Way back, in the Sindh province, the papad was not just an accompaniment to meals but was offered as a snack to guests along with a glass of water
All three mealtimes at my home — yes, breakfast too — are usually marked with a query of how many papads will be needed at the table. The younger generation requests a particular, rather popular, peppery brand and instantly the voice of a rabbit singing its name echoes in my head. Spouse and I settle for the equally famous Sindhi papad.
The Sindhi papad is unique. It is an amalgamated version of its Punjabi and Rajasthani cousins: it has the urad dal and pepper of the former, and the moong dal and jeera of the latter. Way back in the Sindh province, it was not just an accompaniment to meals, but served to guests on its own as a snack with water. To combat the extremes of climate, its salty flavour compensated for the loss of sodium from the body during sweaty summers while the jeera and pepper fought phlegm in severe winters. Its history is not all innocent. Apparently, prospective brides at one time would be asked to roast a papad over a direct flame to judge their culinary skills.
Partition proved tragic for Sindhis. Unlike the Punjabis, they had no home state to come to. They scattered all over the country and the globe and had to start from scratch as refugees, having been forced to leave all their property and wealth behind. My mother was 14 when her family fled to save their lives. She clearly remembered how the women in her family dipped gold coins in gram flour batter and fried them as pakoras to slip them undetected across the newly formed border. My paternal grandmother sold her thick gold bangle at a refugee camp in Bombay to buy butter and ghee: a far cry from her earlier days when even the vark on sweets was a thin sheet of beaten real gold.
As the business-based community struggled to make ends meet, many of its enterprising women made and sold papads and pickles to keep the kitchen fires burning. The Sindhi pickle is also unique, being oil-less, with carrots, small onions, cauliflower, and sometimes turnips, okra, dry dates and lotus stems, pickled in vinegar and spices.
I once asked my mother why we bought papads and didn’t make them at home like many other families. She said that my father had once witnessed how tedious the procedure was and made her swear that she would never ever make them. However, I did get to try my hand at making papads in my in-laws’ place. But there was a problem. The papad dough was so tasty that I used to pop most of into my mouth, leaving very little to be rolled into papads. Years later, I was thrilled to find the finely kneaded dough of Sindhi papads being sold in Ahmedabad. The shopkeeper told me that it was mostly bought to be eaten as is than to be made into papad!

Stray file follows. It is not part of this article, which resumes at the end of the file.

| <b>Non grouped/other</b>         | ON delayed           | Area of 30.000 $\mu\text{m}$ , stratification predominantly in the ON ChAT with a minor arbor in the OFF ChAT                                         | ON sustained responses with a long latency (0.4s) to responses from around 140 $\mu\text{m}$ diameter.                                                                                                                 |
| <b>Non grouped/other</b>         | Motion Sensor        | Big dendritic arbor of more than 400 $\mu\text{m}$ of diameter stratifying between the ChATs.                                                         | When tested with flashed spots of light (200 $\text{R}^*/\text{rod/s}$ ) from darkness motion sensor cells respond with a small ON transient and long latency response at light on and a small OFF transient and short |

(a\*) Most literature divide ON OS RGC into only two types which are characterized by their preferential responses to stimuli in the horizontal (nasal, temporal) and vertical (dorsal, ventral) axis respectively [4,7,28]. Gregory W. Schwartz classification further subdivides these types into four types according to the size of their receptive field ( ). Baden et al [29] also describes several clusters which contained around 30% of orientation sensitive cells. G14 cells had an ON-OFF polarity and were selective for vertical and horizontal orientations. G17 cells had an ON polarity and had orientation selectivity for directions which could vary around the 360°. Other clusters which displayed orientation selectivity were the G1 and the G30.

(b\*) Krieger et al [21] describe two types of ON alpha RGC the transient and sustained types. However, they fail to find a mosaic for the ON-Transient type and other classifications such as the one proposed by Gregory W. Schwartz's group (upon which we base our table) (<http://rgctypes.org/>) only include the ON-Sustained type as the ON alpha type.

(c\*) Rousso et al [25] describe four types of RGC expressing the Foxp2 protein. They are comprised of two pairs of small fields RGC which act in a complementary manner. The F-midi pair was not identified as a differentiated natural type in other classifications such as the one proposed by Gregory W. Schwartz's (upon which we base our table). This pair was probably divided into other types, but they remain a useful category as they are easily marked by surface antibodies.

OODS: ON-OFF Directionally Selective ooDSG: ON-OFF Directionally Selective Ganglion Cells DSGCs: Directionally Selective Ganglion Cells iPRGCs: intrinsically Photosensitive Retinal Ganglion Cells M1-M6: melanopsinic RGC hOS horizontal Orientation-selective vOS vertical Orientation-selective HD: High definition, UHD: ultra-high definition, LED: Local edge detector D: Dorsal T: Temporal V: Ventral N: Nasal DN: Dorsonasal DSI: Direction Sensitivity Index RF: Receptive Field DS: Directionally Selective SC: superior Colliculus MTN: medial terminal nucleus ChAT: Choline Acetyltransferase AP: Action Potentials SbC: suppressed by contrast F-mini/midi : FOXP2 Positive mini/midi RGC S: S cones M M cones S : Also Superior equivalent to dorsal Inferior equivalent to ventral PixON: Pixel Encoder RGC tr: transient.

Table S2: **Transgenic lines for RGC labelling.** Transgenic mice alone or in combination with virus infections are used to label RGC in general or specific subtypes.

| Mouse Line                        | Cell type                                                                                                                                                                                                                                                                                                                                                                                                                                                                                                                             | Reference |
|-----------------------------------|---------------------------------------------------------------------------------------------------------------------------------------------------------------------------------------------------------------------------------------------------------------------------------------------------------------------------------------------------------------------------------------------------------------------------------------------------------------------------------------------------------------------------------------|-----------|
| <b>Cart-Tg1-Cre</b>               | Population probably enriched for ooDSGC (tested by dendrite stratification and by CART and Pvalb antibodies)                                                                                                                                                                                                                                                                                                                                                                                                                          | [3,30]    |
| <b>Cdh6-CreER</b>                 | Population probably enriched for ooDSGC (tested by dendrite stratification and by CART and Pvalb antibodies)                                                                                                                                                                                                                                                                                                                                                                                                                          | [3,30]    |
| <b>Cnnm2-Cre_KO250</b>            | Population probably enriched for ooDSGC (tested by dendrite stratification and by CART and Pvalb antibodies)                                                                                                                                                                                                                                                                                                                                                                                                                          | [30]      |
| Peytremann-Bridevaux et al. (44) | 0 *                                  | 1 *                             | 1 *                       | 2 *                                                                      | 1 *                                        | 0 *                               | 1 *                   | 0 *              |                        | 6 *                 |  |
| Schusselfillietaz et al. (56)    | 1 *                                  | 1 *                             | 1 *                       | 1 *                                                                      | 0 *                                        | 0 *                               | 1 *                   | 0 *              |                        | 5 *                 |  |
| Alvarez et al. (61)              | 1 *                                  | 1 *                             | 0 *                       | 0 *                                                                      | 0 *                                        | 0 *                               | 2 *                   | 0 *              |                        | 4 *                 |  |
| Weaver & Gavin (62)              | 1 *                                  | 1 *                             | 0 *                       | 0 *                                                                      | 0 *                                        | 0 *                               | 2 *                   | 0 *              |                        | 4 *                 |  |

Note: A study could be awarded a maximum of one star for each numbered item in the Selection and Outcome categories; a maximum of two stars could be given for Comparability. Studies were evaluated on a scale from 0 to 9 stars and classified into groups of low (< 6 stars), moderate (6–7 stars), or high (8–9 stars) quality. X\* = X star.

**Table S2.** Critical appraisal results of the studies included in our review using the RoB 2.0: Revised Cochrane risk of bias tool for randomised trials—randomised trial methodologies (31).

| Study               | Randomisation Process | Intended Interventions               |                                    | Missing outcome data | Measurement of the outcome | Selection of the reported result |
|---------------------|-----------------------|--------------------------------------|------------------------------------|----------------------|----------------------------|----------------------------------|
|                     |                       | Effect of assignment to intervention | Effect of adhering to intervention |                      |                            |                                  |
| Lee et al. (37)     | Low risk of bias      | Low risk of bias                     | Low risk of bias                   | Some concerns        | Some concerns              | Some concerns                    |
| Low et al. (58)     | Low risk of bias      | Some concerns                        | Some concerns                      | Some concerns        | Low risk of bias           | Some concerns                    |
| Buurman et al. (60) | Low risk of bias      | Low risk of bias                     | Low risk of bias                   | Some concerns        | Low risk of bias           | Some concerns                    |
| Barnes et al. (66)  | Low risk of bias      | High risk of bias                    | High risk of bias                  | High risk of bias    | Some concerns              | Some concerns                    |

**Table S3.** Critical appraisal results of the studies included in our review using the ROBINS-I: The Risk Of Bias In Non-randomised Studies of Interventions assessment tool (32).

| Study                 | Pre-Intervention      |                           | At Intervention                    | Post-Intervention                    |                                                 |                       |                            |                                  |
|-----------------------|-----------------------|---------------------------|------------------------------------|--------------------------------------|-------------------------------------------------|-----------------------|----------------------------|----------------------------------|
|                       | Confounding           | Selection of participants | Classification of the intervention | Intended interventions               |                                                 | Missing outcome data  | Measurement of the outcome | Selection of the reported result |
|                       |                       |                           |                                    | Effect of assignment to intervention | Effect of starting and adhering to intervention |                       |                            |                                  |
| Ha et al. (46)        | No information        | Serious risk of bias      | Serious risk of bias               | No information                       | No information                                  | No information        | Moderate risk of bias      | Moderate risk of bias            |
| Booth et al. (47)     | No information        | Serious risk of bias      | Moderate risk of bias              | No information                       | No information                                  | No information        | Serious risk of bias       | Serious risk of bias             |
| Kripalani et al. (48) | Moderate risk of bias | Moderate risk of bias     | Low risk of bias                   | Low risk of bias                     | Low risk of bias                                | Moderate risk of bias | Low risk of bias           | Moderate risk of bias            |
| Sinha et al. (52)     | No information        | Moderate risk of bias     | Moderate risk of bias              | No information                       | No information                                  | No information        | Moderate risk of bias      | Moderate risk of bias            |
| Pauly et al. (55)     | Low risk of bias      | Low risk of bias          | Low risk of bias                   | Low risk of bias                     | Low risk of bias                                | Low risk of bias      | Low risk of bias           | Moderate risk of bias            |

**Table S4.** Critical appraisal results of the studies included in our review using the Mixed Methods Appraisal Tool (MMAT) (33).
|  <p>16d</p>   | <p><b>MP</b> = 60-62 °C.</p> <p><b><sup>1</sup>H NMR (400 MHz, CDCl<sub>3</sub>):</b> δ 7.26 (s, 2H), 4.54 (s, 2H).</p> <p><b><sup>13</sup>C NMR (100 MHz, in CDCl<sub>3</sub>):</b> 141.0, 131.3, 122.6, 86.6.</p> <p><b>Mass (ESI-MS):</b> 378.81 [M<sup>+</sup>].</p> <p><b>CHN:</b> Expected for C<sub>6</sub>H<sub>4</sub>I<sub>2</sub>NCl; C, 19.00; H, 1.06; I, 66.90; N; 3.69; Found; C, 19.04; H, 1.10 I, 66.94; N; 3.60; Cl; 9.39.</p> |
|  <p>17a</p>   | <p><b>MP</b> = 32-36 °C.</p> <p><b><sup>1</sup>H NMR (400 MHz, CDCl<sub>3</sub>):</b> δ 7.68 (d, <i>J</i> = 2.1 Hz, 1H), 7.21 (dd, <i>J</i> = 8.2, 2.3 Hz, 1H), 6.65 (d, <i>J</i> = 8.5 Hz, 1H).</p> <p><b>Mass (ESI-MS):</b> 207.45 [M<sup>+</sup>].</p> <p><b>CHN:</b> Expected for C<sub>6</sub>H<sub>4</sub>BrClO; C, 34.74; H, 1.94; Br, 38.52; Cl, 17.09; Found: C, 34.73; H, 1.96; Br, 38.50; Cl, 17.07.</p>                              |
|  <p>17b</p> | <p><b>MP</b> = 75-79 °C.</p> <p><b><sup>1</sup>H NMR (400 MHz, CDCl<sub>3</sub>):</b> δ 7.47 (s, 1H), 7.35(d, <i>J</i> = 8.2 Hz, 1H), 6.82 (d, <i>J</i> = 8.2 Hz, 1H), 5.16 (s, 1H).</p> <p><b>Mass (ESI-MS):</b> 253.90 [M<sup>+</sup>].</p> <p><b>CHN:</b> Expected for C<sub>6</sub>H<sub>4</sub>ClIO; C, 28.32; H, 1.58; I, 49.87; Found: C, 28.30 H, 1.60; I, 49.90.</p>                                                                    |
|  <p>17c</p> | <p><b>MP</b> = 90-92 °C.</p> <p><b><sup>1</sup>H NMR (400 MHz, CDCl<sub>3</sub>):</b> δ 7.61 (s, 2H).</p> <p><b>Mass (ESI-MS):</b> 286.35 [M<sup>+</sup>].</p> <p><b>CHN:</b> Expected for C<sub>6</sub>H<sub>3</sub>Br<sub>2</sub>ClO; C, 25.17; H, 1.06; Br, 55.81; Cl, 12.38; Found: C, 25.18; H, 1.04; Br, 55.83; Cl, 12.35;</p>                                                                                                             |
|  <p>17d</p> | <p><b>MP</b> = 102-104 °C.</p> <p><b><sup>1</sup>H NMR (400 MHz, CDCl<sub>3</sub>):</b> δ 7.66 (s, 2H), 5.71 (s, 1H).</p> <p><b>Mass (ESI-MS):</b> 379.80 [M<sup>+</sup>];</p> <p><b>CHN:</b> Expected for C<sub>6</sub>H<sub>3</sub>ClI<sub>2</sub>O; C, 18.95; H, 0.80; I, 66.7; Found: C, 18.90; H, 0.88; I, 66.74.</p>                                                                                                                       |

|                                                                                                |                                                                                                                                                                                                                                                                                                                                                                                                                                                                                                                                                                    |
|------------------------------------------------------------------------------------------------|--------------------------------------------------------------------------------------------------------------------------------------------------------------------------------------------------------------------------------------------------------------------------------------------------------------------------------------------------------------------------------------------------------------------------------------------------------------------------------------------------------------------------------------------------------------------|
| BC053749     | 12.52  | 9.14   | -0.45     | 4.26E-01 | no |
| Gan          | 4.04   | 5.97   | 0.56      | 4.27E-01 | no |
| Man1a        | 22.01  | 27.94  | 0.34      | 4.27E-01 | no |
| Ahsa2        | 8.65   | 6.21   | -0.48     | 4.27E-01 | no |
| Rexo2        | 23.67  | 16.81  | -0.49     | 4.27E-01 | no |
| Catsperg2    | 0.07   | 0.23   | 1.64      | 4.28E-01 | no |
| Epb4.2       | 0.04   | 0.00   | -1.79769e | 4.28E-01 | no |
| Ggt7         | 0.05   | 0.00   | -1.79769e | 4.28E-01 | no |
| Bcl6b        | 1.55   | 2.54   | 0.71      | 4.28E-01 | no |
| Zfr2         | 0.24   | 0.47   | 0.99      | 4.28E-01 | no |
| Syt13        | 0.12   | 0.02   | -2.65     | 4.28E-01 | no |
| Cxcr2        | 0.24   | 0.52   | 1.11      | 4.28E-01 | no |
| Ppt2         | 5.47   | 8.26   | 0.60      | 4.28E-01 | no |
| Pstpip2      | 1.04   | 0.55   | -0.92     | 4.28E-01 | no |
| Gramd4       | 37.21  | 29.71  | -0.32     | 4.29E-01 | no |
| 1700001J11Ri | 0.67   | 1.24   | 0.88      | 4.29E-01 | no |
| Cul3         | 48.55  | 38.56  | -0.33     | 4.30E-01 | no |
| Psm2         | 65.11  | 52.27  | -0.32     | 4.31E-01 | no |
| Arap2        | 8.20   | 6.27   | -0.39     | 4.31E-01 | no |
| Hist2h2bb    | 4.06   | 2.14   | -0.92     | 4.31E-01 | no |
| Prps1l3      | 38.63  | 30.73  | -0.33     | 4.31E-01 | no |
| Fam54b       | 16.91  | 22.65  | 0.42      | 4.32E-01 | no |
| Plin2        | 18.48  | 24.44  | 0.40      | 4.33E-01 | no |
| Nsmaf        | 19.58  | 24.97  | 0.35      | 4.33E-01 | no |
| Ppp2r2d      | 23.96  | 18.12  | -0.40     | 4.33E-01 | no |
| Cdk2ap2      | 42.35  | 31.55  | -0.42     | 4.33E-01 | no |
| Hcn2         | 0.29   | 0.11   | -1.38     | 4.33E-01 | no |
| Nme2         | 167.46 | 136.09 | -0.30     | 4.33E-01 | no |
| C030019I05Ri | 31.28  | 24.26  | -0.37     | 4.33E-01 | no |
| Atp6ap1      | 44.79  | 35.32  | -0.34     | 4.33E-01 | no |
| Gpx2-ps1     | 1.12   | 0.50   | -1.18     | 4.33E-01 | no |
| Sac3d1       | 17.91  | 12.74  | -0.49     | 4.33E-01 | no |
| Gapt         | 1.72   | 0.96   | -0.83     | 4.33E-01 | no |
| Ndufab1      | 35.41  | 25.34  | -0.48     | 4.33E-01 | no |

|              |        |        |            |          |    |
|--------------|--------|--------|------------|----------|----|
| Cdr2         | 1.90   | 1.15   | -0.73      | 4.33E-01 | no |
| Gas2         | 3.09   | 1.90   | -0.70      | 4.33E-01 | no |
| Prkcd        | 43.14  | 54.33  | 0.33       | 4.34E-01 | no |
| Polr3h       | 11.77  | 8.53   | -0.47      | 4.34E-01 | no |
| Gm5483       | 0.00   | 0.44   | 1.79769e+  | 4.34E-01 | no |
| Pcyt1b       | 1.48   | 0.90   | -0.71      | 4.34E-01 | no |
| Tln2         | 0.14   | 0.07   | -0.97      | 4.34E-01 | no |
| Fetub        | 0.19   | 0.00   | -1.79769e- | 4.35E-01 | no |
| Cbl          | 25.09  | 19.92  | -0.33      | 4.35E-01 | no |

Often the butt of jokes for their love of papad, many Sindhis claim that it is their favourite chakhna with their daily peg or two. As for me, I relish my papads in this rainy weather — not fried in oil or roasted over a flame but cooked Sindhi style, over a hot tawa dabbed with a few drops of oil. I recall one of my mother’s fondest memories. Her toothless grandmother would ask her to crush the papad into a fine powder between her palms so that she could enjoy it without hurting her gums. I often wonder if I too will be as addicted to it if I live to that ripe old age.
Photo: Wiki Commons
1 kg urad dal
1/4 kg moong dal
150 gm chaaniyo (papad khar/soda) – available in Sindhi grocery stores
3 tbsp peppercorns (coarsely ground)
3 tbsp cumin seeds
1/4 tsp cooking soda
1/2 tsp asafoetida
Salt to taste
1. Wipe the dals with a clean dry napkin and keep them in bright sunlight for a couple of hours.
2. Mix both the dals and grind to make a fine flour.
3. Mix the chaaniyo in a glass of water and bring to boil. Cool, strain and keep aside.
4. Mix all the other ingredients with the dal flour. Make a firm dough using the chaaniyo water and a little water too as required.
5. Press and knead the dough for about 10-15 minutes to smoothen it as much as possible.
6. Take small portions of the dough and make thin rolls in the shape of kababs of 1 inch thickness. Cut the rolls into 1/2-inch parts with a knife.
7. Use a rolling pin to roll out each part into a flat and thin roundel.
8. Place on a clean dry mat in direct sunlight, flipping them a couple of times over the next two to three hours.
9. When completely dry, store in airtight containers
10. When required, fry in hot oil, roast on a tawa, or over a flame.
The writer is an award-winning children’s author, intrigued by culture and food.